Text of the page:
In accordance with the Plan and the Confirmation Order, the Trust was established on the Effective Date of the Plan. Also on the Effective Date, as contemplated by the Plan and Confirmation Order, the Debtors and the Liquidating Trustee entered into that certain CWC Creditors’ Liquidating Trust Agreement (the “Liquidating Trust Agreement”)

The law firm of ASK Financial represents the Liquidating Trustee in these various preference cases.  The pretrial conference has not yet been scheduled.

For preference defendants looking for an analysis of defenses that can be asserted in response to a preference complaint, below are several articles on this topic:

Preference Payments: Brief Analysis of Preference Actions and Common Defenses

Minimizing Preference Exposure: Require Prepayment for Goods or Services

Minimizing Preference Exposure (Part II) – Contemporaneous Exchanges 

Carl D. Neff is a partner with the law firm of Fox Rothschild LLP.  Carl is admitted in Delaware and regularly practices before the United States Bankruptcy Court for the District of Delaware. You can reach Carl at (302) 622-4272.

On March 14, 2016, Charles A. Stanziale, Jr., as the Chapter 7 Trustee of Simplexity, LLC, et al. (the “Debtors”) filed approximately 44 preference complaints seeking to avoid and recover alleged preferential transfers pursuant to Sections 547 and 550 of the Bankruptcy Code, and to disallow claims of the defendants pursuant to Section 502(d).

By way of background, the Debtors filed petitions for bankruptcy in the U.S. Bankruptcy Court for the District of Delaware on March 16, 2014 under Chapter 11 of the Bankruptcy Code.  By order dated January 7, 2015, the Debtors’ Chapter 11 cases were converted to cases under Chapter 7 of the Bankruptcy Code, currently administered under Case No. 14-10569.

The law firm of ASK Financial represents the Chapter 7 Trustee in these various preference cases.  The pretrial conference is set for May 4, 2016 at 10:00 a.m.  These adversary actions, as well as the Debtors’ bankruptcy proceeding, are before the Honorable Kevin Gross.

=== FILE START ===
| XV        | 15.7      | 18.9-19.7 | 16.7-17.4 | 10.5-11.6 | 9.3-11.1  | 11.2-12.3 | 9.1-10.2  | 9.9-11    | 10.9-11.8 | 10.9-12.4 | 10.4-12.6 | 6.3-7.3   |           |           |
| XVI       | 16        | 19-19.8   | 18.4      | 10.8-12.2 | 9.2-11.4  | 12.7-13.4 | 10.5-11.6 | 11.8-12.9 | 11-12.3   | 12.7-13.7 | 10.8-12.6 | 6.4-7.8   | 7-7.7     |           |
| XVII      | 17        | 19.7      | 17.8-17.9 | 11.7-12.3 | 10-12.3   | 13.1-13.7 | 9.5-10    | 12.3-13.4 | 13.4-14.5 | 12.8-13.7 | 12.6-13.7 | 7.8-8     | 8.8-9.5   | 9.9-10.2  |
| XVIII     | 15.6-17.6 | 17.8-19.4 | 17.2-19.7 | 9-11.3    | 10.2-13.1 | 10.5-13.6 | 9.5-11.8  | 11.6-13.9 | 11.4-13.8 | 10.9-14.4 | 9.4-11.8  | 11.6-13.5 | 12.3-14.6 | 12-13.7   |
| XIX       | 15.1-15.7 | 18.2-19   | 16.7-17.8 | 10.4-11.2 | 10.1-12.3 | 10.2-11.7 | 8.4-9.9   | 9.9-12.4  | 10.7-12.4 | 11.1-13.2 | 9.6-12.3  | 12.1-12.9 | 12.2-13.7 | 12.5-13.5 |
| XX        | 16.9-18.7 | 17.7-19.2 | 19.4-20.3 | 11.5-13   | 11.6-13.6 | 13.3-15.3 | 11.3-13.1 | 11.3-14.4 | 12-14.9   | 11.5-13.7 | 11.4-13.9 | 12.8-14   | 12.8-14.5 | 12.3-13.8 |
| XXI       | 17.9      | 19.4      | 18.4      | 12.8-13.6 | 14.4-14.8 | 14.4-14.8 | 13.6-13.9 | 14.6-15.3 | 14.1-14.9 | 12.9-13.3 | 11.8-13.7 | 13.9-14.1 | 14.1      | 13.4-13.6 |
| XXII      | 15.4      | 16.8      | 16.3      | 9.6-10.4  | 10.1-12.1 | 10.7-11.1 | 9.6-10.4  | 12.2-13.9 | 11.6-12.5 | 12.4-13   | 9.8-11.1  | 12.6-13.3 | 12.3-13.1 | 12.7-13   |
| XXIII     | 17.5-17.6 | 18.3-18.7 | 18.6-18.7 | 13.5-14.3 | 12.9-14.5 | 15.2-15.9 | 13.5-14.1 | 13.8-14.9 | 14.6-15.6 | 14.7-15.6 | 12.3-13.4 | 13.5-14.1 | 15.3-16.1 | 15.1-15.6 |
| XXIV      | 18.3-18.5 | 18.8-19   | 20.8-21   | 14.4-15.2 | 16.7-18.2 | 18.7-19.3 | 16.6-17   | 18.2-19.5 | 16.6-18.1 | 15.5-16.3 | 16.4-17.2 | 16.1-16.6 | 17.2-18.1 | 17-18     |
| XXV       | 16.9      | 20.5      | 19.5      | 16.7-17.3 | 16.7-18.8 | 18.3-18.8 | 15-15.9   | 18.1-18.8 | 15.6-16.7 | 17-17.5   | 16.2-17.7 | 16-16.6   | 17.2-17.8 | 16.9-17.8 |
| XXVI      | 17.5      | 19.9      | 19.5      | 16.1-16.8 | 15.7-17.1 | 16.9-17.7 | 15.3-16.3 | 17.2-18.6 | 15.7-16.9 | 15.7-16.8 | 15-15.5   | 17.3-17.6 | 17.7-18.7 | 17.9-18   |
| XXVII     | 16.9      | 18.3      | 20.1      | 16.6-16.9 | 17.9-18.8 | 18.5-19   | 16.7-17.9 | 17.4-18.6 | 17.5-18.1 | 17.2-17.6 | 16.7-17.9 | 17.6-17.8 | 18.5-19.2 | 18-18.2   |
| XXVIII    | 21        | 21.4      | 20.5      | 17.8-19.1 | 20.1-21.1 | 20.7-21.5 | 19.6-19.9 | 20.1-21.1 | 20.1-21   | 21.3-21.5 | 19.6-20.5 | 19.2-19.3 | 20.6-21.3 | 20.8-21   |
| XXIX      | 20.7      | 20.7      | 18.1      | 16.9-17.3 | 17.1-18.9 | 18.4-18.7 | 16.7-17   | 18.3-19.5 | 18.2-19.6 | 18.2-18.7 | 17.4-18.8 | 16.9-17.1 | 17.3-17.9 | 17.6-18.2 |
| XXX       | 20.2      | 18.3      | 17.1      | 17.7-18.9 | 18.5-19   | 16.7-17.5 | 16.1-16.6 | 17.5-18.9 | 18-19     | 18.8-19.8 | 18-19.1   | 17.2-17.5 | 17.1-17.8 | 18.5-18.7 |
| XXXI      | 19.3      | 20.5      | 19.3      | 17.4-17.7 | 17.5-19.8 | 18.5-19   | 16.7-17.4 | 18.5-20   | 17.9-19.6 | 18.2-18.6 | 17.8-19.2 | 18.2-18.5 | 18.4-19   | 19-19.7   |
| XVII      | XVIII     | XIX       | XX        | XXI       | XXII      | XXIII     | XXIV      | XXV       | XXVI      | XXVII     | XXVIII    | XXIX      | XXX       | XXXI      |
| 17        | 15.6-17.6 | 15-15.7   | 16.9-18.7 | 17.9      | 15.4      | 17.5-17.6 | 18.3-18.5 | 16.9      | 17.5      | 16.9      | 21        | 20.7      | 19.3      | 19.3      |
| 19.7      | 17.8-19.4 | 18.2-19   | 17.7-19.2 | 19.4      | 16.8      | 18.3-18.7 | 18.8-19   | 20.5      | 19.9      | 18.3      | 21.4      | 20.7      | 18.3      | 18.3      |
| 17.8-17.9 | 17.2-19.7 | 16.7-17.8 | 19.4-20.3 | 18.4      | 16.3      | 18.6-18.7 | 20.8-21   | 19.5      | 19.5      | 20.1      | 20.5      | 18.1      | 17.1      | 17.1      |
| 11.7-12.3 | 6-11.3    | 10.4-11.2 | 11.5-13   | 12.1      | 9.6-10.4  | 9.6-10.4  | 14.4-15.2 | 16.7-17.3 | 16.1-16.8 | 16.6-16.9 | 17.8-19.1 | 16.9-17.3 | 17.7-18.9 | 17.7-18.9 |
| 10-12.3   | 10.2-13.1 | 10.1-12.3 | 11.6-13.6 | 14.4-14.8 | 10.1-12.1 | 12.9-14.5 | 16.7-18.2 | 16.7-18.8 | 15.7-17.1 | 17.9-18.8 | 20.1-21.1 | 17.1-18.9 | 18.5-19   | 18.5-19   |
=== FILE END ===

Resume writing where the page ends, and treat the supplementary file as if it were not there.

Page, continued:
Defenses to a Preference Action

Preference actions are a form of litigation specifically provided for by the Bankruptcy Code which are intended to recover payments made by the Debtor within the 90 days prior to declaring bankruptcy.  The presumption is that the Debtor knew it was going to file bankruptcy, so any payments it made during this 90-day window went to friends and people it wanted to keep happy, and stiffed those the Debtor’s management didn’t like.   Recognizing that these payments aren’t always made for inappropriate reasons, the Bankruptcy Code provides creditors with many defenses to preference actions. Included among these are the “ordinary course of business defense” and the “new value defense.” For reader’s looking for more information concerning claims and defenses in preference litigation, attached is a booklet that we have prepared on the subject: “A Preference Reference: Common Issues that Arise in Delaware Preference Litigation.”

Carl D. Neff is a partner with the law firm of Fox Rothschild LLP.  Carl is admitted in Delaware and regularly practices before the United States Bankruptcy Court for the District of Delaware. You can reach Carl at (302) 622-4272.

In the month of February 2016, Charles A. Stanziale, Jr., in his capacity as the Chapter 7 Trustee of BMT-NW Acquisition, LLC (“Debtor”), filed approximately 49 preference actions seeking the avoidance and recovery of alleged preferential actions under Sections 547 and 550 of the Bankruptcy Code.

By way of background, the Debtor filed a voluntary petition for relief under Chapter 7 of the Bankruptcy Code on February 14, 2014.  On the same day, Mr. Stanziale was appointed as the Chapter 7 trustee to the Debtor’s bankruptcy estate.

Defenses to a Preference Action

Preference actions are a form of litigation specifically provided for in Section 547 of the Bankruptcy Code, which allows a Debtor or Trustee to recover payments made by the Debtor within the 90 days prior to declaring bankruptcy.   Recognizing that these payments are not always made for inappropriate or “preferential” reasons, the Bankruptcy Code provides creditors with many defenses to preference actions. Included among these are the “ordinary course of business defense” and the “new value defense.” For readers looking for more information concerning claims and defenses in preference litigation, the below-linked reference guide prepared on this subject will prove helpful: “A Preference Reference: Common Issues that Arise in Delaware Preference Litigation.”

Carl D. Neff is a partner with the law firm of Fox Rothschild LLP.  Carl is admitted in Delaware and regularly practices before the United States Bankruptcy Court for the District of Delaware. You can reach Carl at (302) 622-4272.